Thinking Like an Addict

Jul 28, 2014

Addiction is a disease of the mind, and it affects the way a person processes information and approaches problems. Understanding addictive patterns of thinking is an important part of addiction recovery, both for the addict, and for those supporting them. Recognizing these thought patterns, knowing how to manage them, and learning how to work around them to promote healing are all key parts of the process.


Pleasure Seeking and Stress Relief


The euphoric high associated with drug use lights up the pleasure centers of the brain, immediately tagging the activity as one that should be repeated. The sensation of pleasure that comes from drug use is a chemical reaction that the brain becomes dependent on over time. This isn’t a mild sensation that can be overcome with willpower, it is a strong impulse that the brain demands to have satisfied.


Those who haven’t suffered from addiction themselves sometimes think of the pleasure seeking mania of addiction as stemming from boredom, or a lack of self control, but it’s much more than that. Addictive thought patterns put pleasure seeking as the primary function for the addict. The brain crowds out all other thought processes until this craving is satisfied, making it impossible for the addict to ignore. Stress and pressure continue to build as the brain calls out for relief, which the addict only knows how to find in continued drug use.


Problems With Cause and Effect


In the cloudy cycle of pleasure seeking and euphoria, it becomes difficult for addicts to recognize the consequences of their actions, and even more difficult for them to foresee future consequences. The idea of cause and effect becomes completely lost in the shuffle. Those closest to an addict will see that they act impulsively, stumbling through their day to day life without any sense of direction.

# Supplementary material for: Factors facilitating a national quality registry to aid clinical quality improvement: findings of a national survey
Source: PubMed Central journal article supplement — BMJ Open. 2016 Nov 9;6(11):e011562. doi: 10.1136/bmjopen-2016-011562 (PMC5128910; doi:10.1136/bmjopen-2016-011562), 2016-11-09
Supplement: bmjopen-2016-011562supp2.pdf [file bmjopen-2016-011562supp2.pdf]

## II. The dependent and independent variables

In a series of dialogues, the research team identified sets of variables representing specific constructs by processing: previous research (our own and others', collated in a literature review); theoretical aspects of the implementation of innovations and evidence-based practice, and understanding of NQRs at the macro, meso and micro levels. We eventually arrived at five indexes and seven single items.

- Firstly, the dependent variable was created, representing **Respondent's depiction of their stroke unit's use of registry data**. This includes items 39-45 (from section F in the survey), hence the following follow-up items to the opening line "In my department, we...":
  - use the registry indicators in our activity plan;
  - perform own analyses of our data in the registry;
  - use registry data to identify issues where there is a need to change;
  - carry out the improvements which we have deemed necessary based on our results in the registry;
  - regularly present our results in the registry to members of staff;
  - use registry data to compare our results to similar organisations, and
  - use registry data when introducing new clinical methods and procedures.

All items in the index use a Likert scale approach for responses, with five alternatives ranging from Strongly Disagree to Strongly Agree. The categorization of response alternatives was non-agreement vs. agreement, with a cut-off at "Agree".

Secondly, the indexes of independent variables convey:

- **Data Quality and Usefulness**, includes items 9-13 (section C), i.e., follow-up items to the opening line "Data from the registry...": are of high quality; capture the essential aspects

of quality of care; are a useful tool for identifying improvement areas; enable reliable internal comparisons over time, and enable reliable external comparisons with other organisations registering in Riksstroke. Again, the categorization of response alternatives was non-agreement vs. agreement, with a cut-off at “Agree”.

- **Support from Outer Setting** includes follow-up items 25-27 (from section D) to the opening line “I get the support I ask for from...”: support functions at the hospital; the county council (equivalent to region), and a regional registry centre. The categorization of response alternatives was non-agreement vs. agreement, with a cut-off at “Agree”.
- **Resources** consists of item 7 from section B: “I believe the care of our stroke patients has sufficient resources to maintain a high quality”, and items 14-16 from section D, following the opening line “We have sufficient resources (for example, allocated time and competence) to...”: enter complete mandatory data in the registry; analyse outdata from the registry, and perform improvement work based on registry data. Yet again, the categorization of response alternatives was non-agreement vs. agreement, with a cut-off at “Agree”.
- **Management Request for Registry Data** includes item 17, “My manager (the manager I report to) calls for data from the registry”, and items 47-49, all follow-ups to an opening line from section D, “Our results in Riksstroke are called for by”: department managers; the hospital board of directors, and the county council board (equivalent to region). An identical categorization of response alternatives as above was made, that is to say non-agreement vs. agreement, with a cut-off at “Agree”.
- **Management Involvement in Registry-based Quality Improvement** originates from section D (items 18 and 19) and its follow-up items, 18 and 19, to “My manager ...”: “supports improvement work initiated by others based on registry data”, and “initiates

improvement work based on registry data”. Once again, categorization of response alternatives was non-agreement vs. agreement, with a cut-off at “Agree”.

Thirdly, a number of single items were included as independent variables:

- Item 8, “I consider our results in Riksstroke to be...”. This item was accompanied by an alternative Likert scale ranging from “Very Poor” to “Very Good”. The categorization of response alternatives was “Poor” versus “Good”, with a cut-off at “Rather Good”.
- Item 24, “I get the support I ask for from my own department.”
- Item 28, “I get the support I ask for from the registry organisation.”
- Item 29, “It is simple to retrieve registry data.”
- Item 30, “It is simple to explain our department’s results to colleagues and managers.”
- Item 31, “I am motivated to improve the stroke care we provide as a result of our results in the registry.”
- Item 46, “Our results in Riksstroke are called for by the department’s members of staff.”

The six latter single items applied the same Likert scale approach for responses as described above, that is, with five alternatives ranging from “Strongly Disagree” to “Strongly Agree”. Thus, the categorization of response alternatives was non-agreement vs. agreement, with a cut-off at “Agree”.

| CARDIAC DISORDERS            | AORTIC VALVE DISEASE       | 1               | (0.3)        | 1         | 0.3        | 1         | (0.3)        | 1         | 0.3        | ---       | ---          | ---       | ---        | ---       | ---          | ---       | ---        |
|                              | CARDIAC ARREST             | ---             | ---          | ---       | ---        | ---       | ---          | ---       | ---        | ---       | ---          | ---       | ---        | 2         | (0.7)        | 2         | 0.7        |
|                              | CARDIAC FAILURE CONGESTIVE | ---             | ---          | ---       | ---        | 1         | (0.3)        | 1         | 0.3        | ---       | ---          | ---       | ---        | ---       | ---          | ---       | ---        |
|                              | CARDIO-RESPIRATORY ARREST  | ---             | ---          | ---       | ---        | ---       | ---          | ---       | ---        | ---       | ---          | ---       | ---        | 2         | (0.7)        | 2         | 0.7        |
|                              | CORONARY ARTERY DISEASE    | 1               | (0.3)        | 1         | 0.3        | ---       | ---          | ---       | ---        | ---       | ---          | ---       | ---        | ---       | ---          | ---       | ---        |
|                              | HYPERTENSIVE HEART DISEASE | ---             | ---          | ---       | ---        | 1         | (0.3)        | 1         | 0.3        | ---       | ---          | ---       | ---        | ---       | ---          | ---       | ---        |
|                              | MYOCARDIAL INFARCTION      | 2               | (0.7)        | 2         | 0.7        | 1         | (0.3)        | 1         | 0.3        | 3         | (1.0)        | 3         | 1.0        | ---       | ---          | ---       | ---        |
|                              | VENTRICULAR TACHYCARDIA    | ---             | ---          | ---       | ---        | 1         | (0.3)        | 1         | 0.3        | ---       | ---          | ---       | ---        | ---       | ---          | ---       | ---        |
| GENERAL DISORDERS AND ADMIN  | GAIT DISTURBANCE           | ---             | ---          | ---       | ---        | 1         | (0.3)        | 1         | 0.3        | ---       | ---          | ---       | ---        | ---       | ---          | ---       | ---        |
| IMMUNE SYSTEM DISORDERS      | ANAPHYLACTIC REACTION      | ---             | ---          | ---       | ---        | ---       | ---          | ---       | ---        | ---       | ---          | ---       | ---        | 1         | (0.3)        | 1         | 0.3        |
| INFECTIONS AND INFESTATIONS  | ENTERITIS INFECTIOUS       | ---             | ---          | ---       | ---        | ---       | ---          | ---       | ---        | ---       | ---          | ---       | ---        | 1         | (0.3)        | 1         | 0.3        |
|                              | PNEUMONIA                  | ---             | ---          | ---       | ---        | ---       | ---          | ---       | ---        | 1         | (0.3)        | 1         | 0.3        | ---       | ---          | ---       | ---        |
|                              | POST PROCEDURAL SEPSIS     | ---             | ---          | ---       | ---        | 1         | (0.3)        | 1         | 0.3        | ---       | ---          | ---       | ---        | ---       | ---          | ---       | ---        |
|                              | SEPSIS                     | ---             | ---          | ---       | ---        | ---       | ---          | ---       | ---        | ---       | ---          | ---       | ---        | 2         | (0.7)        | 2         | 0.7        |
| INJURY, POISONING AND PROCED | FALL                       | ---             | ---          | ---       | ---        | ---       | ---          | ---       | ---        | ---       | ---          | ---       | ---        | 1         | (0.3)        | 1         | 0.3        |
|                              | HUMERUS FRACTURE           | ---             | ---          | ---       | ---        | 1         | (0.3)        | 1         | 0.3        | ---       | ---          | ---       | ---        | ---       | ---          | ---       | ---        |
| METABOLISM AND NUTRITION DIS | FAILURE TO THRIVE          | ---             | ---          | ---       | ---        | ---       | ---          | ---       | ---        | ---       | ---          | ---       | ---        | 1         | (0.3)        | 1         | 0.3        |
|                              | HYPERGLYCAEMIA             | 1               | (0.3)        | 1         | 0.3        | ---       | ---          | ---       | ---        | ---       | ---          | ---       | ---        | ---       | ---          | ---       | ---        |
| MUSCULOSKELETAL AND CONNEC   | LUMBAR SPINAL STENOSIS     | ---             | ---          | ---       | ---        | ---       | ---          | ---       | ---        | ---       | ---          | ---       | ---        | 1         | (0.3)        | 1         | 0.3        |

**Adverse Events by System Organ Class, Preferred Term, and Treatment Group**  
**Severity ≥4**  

Trouble with impulse control is a major part of addictive thinking patterns. The addict feels such a sense of urgency over obtaining and using drugs, that it’s difficult for them to place importance on anything else. As their focus shifts solely toward using, their understanding of the consequences of their actions diminishes.


A Cycle of Isolation


The destructive behavior that results from a life lived without regard to consequences causes even those who love an addict the most to pull away from them. This is an act of self preservation, but it leaves the addict isolated and alone. Adding to this sense of isolation are other addictive though patterns. The fear that the full range of their addiction will be exposed keeps the addict from reaching out to others. A weakened sense of societal norms and expectations makes them uncomfortable in a crowd, and unable to behave rationally in these types of situations.


As the addict becomes more and more isolated in their disease, they become even more disconnected from the cause and effect of their own actions, and sink further into their disease. The way to break the cycle of addictive thought patterns is through intensive addiction therapy, where the addict can begin to form new thought patterns and recognize problem thinking. Because addiction also affects the entire support system surrounding an addict, family counseling is usually needed for comprehensive healing to take place.

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